Jenny

Son 6 yrs old, Positive blood work, Outstanding dietary response, no biopsy.

Household mostly gluten free since 3/07

Me: HLA-DQ 02 & 0302 (DQ 08), which I ran & analyzed myself!Currently gluten lite, negative tTG, asymptomatic

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The guy I'm dating just invited me to his house for dinner, he lives with 2 room mates and I'm way nervous. He's very educated in the gluten-free area but I'm still nervous. I'm not worried about a pot being dirt or a counter being dirty it's more of the CC factor by using the butter that someone used on bread or something like that. I will be there with him to cook but my nerves are going to be shot, I just know it! BUT he's been dying to get me over there and now I'm finally doing it. It will be fun, I know that but I'm still nervous.

Also, I feel the same about being more safe eating out then at a friends house.

Any advise?


all my life i have had an oat allergy.

gluten-free 5/2005.

active yeast free since... don't remember.

refined sugar free 5/2010.

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I personally struggle in this area, and I have been using my friends' reaction to my gluten-free speech to gauge if I should go or not. If they are genuinely listening, asking questions to figure things out or offer their meal and preparation ideas, I will usually go. Whereas, if they are kind of nodding and looking off into space as I am explaining myself or don't ask any questions or I can just tell they are not paying attention, I will simply say, "Thanks for the offer but I will be bringing my own food to your place so please don't be offended as I do it all the time...or you can come over and I can cook!"

It has worked so far, and I am pretty sensitive to low levels of gluten...and so far, those people I know who were listening to me and understand the severity of me being glutened have left me with great memories of good times and good food :)

Go with your gut; treat each situation differently.

Glutina


-Recently diagnosed with extreme gluten sensitivity

-Celiac test results: negative

-In and out of hospitals and doctors offices for past 5 years with stomach/digestive issues

-Eating disordered past (this most likely triggered gluten issues G.I. thinks)

Symptoms when glutened: Diah. and Cons.; cramping/uncomfortable abdomen; rash on forehead; extreme fatigue; sometimes excruciating abdominal pain; feeling of weakness; acid reflux

**New to the gluten free way of living, but feeling like my old, healthy self again!!**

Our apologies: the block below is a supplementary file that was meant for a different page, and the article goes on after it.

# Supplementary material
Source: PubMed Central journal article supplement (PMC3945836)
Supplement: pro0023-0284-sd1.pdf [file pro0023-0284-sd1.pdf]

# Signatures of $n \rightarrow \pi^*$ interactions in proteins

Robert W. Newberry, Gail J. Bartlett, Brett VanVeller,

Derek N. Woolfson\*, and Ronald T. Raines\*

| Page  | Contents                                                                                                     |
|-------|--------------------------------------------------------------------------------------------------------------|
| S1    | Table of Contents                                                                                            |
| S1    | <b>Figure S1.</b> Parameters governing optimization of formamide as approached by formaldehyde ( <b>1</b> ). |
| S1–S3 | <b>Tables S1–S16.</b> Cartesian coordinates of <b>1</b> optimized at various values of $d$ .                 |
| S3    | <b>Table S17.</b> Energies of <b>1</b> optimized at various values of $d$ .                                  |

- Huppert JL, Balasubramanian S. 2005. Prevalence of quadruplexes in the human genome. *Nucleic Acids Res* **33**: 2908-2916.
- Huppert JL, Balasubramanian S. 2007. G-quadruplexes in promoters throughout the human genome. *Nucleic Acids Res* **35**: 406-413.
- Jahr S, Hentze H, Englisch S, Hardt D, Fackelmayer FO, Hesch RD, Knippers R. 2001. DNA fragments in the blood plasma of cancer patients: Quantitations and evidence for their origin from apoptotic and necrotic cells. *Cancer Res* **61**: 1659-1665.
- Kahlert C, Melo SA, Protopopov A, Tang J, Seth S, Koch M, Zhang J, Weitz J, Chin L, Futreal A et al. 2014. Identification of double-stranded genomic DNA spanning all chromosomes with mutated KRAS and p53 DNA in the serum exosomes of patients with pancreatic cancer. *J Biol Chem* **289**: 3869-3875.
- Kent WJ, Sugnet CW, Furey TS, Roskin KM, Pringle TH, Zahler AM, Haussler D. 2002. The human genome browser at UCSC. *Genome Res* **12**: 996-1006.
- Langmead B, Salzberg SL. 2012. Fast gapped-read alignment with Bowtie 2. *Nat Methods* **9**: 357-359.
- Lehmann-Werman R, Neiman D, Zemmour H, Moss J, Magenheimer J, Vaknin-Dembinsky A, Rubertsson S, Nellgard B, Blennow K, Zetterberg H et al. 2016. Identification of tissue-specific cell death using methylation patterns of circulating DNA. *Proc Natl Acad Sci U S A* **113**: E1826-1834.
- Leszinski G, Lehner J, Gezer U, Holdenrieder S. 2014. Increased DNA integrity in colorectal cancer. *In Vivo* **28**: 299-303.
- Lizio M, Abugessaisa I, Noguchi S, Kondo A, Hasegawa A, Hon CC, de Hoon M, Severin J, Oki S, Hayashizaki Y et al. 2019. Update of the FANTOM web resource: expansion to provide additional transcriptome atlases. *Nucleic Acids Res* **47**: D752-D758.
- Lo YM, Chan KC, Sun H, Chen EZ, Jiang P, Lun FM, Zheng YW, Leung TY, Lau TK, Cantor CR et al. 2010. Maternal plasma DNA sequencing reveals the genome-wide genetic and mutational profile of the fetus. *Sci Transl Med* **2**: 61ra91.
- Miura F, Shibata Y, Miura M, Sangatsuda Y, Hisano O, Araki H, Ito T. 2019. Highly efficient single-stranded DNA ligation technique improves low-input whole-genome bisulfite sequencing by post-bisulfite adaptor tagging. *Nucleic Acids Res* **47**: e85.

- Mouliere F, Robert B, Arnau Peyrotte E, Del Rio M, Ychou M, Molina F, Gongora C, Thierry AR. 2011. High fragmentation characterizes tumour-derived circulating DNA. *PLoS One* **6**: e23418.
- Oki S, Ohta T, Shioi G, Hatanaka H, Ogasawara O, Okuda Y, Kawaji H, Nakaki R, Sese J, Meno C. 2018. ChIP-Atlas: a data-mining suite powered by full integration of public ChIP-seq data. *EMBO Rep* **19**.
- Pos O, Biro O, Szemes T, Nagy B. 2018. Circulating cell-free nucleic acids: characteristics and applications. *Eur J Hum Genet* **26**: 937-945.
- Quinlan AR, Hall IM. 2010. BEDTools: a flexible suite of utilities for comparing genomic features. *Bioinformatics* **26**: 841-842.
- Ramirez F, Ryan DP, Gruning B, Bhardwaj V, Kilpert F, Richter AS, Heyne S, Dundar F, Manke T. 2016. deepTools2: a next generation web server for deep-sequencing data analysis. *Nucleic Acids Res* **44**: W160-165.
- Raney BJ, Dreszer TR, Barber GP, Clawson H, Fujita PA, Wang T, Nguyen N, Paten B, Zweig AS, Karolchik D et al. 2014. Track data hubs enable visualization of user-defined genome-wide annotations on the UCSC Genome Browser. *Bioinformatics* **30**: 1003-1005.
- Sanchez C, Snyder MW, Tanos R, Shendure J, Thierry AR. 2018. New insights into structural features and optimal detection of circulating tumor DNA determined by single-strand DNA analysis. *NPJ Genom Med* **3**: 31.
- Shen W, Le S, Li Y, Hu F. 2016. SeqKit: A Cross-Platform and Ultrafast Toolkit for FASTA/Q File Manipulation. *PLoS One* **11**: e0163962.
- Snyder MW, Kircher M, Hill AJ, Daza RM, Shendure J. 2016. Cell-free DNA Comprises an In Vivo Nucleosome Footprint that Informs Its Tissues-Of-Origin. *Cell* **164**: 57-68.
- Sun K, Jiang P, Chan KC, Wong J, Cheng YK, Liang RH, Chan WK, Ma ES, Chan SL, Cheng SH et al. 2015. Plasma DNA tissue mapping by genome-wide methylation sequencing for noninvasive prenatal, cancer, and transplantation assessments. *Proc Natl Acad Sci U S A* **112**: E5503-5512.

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I personally struggle in this area, and I have been using my friends' reaction to my gluten-free speech to gauge if I should go or not. If they are genuinely listening, asking questions to figure things out or offer their meal and preparation ideas, I will usually go. Whereas, if they are kind of nodding and looking off into space as I am explaining myself or don't ask any questions or I can just tell they are not paying attention, I will simply say, "Thanks for the offer but I will be bringing my own food to your place so please don't be offended as I do it all the time...or you can come over and I can cook!"

It has worked so far, and I am pretty sensitive to low levels of gluten...and so far, those people I know who were listening to me and understand the severity of me being glutened have left me with great memories of good times and good food :)

Go with your gut; treat each situation differently.

Glutina

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I think you get better at this the longer youve been at it....I never allow myself to go anywhere hungry...we always eat before we go. I find that this lessens the anxiety a great deal. I also remind my self that while being glutened is miserable its not initself life threatening. Last weekend I spend 4 houre in the ER with a friend who's 10 year old son has a nut allergy. He asked and inquired at a birthday party...and despite his best efforts ended up in a very serious situation requireing an amublance ride to the hospital...So try to relax a bit and remember that being a full particpater in the spectrum of life events and activites is really worth the risk of being glutened.. We have an obligation to consistently do our best to be diet compliant but also to except the fact that every now and then an opps will happen..we find it happens less than we thought it would and that our anxiety is the worst part of the whole thing.